Ted Leung on the air
Ted Leung on the air: Open Source, Java, Python, and ...
Mon, 08 Mar 2004
SeaPIG Wednesday
This Wednesday is the monthly meeting of the Seattle Python User's Group. This is my first time, and I'm looking forward to meeting other Pythonistas in the Seattle area. Meeting time and location are on the site.
[22:26] | [places/us/wa/seattle] | # | TB | F | G | 0 Comments | Other blogs commenting on this post
Hundreds of bags
Doc disagrees with Cringely's article The Curse of the Hundred Bagger -- Why Venture Capitalists Are Paralyzed and Our Economy is Stagnant. Now I don't know about the whole VC thing. But there were some things in Cringe's piece that stood out to me, especially in the context of open source. Open source needs to move out of copy cat mode into innovation mode.
"In times of uncertainty," wrote Mac, "don't be Mark Twain ("Put all your eggs in one basket, and watch that basket!" -- it didn't work for him anyway). Instead, bet on serendipity -- don't invest in ONE big idea -- invest in 10 ideas that are your best guesses as to the widest range of possibly big ideas. You don't know but what the heck, NOBODY knows."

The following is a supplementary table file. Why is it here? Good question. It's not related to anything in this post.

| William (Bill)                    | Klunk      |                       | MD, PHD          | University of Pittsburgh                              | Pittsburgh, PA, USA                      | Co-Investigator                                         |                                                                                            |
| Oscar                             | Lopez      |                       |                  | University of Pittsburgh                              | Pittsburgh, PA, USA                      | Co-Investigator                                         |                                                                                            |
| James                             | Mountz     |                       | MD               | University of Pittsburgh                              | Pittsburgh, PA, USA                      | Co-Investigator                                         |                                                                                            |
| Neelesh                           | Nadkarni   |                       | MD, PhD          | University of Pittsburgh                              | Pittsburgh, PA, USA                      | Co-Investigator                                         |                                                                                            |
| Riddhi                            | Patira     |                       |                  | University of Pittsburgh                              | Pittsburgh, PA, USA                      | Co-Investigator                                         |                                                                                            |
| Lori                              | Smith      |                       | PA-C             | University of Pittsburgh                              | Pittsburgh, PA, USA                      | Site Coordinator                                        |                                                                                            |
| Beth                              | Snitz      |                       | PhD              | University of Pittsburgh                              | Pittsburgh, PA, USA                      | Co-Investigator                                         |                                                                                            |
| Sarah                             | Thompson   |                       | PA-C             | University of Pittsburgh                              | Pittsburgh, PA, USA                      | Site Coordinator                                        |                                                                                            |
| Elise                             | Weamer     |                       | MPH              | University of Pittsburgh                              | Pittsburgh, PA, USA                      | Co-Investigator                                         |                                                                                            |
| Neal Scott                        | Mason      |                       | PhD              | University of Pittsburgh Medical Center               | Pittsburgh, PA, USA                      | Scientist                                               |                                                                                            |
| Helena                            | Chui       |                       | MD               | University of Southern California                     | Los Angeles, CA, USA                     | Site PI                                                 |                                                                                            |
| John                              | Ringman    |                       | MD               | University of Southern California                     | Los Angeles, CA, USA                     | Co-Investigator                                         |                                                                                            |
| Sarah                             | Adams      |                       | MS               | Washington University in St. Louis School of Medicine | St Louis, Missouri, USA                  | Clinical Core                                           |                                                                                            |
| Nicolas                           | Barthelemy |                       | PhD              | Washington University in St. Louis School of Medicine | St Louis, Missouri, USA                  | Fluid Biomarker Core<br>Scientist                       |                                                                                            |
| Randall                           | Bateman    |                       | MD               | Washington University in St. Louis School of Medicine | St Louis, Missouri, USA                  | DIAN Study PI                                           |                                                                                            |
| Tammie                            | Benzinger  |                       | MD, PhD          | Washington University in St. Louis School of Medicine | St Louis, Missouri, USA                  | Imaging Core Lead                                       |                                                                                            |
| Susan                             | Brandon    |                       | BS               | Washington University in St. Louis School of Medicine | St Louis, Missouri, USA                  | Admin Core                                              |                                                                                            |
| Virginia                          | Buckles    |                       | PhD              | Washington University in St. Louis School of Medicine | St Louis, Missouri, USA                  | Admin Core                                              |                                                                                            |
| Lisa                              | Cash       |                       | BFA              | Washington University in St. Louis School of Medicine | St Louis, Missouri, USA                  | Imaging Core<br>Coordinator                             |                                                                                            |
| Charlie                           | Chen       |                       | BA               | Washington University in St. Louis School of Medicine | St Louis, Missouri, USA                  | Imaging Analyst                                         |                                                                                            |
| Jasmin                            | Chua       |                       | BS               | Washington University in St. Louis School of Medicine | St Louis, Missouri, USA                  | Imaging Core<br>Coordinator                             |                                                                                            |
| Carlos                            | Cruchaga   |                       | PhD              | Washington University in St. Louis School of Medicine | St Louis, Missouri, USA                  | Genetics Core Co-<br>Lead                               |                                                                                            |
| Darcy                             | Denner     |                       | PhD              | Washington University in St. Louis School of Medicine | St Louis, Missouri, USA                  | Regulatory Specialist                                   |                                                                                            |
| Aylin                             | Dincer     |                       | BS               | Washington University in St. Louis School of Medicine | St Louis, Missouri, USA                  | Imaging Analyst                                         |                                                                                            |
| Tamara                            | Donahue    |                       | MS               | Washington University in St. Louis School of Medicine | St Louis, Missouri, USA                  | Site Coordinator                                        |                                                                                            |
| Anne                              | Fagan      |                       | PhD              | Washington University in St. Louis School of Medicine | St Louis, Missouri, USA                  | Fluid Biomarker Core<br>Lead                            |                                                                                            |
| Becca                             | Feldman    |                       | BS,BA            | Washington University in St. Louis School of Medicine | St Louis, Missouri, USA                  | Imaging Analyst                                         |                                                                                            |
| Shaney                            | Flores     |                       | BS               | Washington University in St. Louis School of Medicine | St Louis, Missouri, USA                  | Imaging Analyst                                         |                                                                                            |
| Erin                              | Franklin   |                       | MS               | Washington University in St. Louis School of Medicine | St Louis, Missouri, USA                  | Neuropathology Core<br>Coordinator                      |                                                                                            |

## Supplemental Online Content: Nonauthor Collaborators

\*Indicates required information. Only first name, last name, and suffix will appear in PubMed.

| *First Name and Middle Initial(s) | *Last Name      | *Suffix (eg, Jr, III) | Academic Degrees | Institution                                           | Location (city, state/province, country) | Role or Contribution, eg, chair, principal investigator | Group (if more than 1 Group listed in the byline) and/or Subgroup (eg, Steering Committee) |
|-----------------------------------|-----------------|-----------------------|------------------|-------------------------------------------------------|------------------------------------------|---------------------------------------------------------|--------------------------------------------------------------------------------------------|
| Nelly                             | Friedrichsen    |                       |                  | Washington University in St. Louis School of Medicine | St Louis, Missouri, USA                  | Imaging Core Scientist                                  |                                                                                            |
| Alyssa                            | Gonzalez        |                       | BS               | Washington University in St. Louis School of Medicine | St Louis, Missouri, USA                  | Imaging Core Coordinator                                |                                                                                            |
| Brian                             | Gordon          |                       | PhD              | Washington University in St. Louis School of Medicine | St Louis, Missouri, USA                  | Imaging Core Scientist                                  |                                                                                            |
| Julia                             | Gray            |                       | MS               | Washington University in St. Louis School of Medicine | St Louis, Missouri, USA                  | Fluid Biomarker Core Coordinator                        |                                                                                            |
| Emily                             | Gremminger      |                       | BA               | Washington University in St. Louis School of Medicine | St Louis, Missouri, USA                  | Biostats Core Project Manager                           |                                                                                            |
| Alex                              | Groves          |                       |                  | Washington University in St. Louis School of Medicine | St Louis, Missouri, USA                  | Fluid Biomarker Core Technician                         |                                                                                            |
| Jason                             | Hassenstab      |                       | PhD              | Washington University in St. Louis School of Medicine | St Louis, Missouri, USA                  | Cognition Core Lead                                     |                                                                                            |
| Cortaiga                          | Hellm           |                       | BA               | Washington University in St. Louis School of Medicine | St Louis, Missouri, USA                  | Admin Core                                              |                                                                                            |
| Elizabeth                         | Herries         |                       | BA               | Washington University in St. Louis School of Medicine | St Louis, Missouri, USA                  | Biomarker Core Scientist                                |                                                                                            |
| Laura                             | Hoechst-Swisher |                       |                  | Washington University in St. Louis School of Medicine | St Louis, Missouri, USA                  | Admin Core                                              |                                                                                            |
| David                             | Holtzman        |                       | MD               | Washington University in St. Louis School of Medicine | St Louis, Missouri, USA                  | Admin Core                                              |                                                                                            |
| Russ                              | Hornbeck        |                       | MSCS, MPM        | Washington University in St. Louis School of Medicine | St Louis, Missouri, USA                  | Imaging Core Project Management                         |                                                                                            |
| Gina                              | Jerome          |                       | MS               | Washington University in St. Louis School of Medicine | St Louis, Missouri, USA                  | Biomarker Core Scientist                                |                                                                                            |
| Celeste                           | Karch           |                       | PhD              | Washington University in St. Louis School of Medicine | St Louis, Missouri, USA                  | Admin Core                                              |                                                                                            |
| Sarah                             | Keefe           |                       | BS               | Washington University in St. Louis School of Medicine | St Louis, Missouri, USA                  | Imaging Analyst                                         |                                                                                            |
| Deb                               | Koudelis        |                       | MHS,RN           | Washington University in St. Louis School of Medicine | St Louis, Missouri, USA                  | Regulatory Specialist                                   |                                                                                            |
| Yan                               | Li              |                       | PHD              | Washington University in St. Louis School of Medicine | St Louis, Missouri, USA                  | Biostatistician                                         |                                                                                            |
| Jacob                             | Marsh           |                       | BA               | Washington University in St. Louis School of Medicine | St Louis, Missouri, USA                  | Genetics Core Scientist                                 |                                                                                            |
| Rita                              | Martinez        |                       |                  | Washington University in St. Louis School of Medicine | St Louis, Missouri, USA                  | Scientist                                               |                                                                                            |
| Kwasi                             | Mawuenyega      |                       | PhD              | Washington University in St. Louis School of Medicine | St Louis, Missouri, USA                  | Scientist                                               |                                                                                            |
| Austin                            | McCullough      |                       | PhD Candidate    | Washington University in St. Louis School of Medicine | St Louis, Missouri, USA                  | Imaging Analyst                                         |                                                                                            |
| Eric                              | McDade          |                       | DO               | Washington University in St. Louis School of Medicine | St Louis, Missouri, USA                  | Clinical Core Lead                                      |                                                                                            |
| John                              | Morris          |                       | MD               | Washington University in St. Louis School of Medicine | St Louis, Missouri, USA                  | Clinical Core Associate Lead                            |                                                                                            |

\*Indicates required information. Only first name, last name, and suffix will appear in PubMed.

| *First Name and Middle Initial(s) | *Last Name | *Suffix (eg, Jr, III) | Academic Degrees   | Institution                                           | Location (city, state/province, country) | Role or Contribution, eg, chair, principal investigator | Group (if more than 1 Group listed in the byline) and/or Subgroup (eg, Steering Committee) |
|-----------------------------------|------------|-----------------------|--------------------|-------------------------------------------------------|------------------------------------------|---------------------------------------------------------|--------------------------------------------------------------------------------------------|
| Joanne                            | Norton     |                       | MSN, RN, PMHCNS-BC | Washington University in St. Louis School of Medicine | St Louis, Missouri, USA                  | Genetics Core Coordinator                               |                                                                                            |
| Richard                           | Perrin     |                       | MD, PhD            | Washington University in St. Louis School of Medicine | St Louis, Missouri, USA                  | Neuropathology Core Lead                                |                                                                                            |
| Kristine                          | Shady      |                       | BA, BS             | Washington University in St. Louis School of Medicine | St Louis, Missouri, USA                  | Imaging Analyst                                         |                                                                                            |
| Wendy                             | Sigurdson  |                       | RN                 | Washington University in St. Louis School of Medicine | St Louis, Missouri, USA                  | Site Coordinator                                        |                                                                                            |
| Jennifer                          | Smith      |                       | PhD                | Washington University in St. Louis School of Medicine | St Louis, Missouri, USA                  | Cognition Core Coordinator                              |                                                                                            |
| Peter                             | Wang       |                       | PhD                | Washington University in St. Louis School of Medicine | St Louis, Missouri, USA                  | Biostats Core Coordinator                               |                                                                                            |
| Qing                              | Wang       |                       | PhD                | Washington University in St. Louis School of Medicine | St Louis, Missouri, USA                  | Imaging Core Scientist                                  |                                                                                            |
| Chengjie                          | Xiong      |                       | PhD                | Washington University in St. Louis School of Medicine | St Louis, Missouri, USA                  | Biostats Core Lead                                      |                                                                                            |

Make your bets lightly and widely. Having multiple people doing the same thing is not bad. Divergent micro forks are not bad. Stefano calls this software darwinism. Let the project that does the best job win.
The problem with finding that hundred bagger is that whatever you as a VC think you are investing in isn't what you think it is. That's because every startup -- EVERY STARTUP -- faces a crisis early-on and changes dramatically what it intends to do. So the smart VC invests more in the people than in the idea because the idea is going to change. And that means what you think is a hundred bagger will inevitably turn into something else
It's the people. Another way of saying this is: invest in the community. If you foster the right community, the community will figure out what to do when you reach that point of inevitability.

And stand on the shoulders of the giants that came before you (well, this one is worth a whole post of it's own)...

[22:07] | [computers/open_source] | # | TB | F | G | 0 Comments | Other blogs commenting on this post

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I work at the Open Source Applications Foundation (OSAF).
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